I have a private static field which I use for synchronization (lock). Now I have two functions which I don't want to execute concurrently. So I did this:

public class Synchronization
{
private static object _lock = new object();

public void MethodA()
{
lock (_lock)
{
Console.WriteLine("I shouldn't execute with MethodB");
}
}

public void MethodB()
{
lock (_lock)
{
Console.WriteLine("I shouldn't execute with MethodA");
}
}
}


I know that locking on an object will prevent parallel execution of a single function, but will the same work if I use the same lock object in different methods which run concurrently? Simply, put can any other thread acquire lock on an already locked object in another function?

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why not simply give it a try by yourself? –  Andreas Niedermair Jan 26 '11 at 9:27
Also note that this way, you've synchronized EVERY instance of the class. If you don't want that, remove the "static" part of the lock object. –  Willem van Rumpt Jan 26 '11 at 9:30
@Andreas I said theory and practice. Verifying MT code is also notoriously difficult. So your suggestion is naive. –  Tim Lloyd Jan 26 '11 at 9:36
@Andreas "Simply give it a try yourself" does not give the OP details of how to verify his assertions. If the OP is having difficulty working out the semantics of what he is doing, then you should be able to see the obvious problem with your suggestion. It's a throw away comment. –  Tim Lloyd Jan 26 '11 at 9:39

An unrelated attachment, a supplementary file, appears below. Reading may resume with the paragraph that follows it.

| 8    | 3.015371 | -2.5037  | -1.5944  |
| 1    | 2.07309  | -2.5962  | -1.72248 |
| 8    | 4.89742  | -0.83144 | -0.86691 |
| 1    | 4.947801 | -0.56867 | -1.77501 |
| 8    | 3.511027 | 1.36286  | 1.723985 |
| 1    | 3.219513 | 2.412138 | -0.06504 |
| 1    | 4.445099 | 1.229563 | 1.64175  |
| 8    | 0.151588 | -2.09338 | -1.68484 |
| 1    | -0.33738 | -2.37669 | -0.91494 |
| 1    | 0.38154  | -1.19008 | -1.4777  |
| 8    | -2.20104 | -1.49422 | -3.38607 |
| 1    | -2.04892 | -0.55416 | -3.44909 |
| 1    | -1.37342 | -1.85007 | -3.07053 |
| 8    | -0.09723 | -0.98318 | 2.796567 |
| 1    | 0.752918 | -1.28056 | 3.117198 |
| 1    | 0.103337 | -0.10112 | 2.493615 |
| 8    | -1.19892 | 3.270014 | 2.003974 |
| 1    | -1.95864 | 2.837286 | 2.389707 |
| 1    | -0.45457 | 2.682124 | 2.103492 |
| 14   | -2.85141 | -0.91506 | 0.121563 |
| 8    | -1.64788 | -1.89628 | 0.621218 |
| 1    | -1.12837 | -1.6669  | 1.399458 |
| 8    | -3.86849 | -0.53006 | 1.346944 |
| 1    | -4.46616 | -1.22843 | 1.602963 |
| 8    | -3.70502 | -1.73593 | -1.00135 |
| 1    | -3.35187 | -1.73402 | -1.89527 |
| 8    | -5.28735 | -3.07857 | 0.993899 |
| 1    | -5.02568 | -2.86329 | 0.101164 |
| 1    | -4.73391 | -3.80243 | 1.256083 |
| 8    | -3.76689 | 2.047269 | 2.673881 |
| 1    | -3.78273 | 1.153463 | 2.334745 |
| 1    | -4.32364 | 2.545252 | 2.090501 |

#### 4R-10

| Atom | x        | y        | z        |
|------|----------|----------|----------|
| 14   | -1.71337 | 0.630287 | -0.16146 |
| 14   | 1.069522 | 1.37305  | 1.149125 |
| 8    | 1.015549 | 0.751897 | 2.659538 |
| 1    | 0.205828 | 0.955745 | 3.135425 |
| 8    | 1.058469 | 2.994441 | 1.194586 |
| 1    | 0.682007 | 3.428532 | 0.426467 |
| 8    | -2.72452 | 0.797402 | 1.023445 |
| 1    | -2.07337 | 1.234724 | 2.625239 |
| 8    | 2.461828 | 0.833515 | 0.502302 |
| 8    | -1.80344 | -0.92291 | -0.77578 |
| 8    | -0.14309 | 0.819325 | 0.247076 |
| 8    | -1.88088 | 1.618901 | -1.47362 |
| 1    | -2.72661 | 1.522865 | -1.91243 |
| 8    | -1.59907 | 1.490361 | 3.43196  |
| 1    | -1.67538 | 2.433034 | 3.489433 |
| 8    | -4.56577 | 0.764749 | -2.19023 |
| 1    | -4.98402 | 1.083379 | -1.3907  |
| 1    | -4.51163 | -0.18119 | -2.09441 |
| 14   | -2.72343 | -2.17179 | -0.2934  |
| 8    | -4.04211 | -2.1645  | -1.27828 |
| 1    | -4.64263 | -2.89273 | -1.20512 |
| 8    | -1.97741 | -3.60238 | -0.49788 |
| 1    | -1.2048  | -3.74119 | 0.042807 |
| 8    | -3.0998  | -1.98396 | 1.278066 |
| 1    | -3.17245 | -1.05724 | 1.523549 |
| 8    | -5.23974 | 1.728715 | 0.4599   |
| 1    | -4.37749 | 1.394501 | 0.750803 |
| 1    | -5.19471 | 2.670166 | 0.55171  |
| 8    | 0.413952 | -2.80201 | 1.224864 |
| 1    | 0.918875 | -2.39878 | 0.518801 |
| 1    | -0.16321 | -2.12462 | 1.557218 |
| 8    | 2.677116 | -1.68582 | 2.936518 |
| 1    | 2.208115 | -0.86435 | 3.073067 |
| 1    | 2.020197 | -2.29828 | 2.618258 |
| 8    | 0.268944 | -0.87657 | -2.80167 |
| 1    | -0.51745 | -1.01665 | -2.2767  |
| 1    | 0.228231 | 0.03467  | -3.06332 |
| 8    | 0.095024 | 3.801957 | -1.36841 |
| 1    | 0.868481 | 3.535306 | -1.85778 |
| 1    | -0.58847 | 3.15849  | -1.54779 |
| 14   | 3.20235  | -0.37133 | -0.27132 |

@Andreas Perhaps you could consider opening a new question "How do I verify multi-threaded code via unit testing?" and answering it yourself. That's allowed and would be useful. Verifying MT code is difficult. –  Tim Lloyd Jan 26 '11 at 9:51

Only a single thread at a time may acquire the lock, so this state is exclusive for all threads on a single lock instance. So in your example, only one method body may be executing at any given time for all instances of class Synchronization as your lock is static. If you want locking per instance of your class, then do not mark the lock object as static.

Your assumptions regarding synchronization are correct.

Please note that you should mark the lock object readonly for a completely water-tight solution. As the code stands, it would be possible for the lock object to be re-assigned and so break the locking semantics, e.g.:

public class Synchronization
{
private static object _lock = new object();

public void MethodA()
{
lock (_lock)
{
Console.WriteLine("I shouldn't execute with MethodB");
}
}

public void MethodB()
{
//This shouldn't be allowed!
_lock = new object();

lock (_lock)
{
Console.WriteLine("I shouldn't execute with MethodA");
}
}
}


Lock object should be marked as readonly, i.e.:

private static readonly object _lock = new object();

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you should enhance only one method body with of any given instance, as you are dealing with a static lock :) –  Andreas Niedermair Jan 26 '11 at 9:35
readonly... !!! godlike! –  Andreas Niedermair Jan 26 '11 at 9:37
@Andreas I have detailed the implication of the static lock. –  Tim Lloyd Jan 26 '11 at 9:43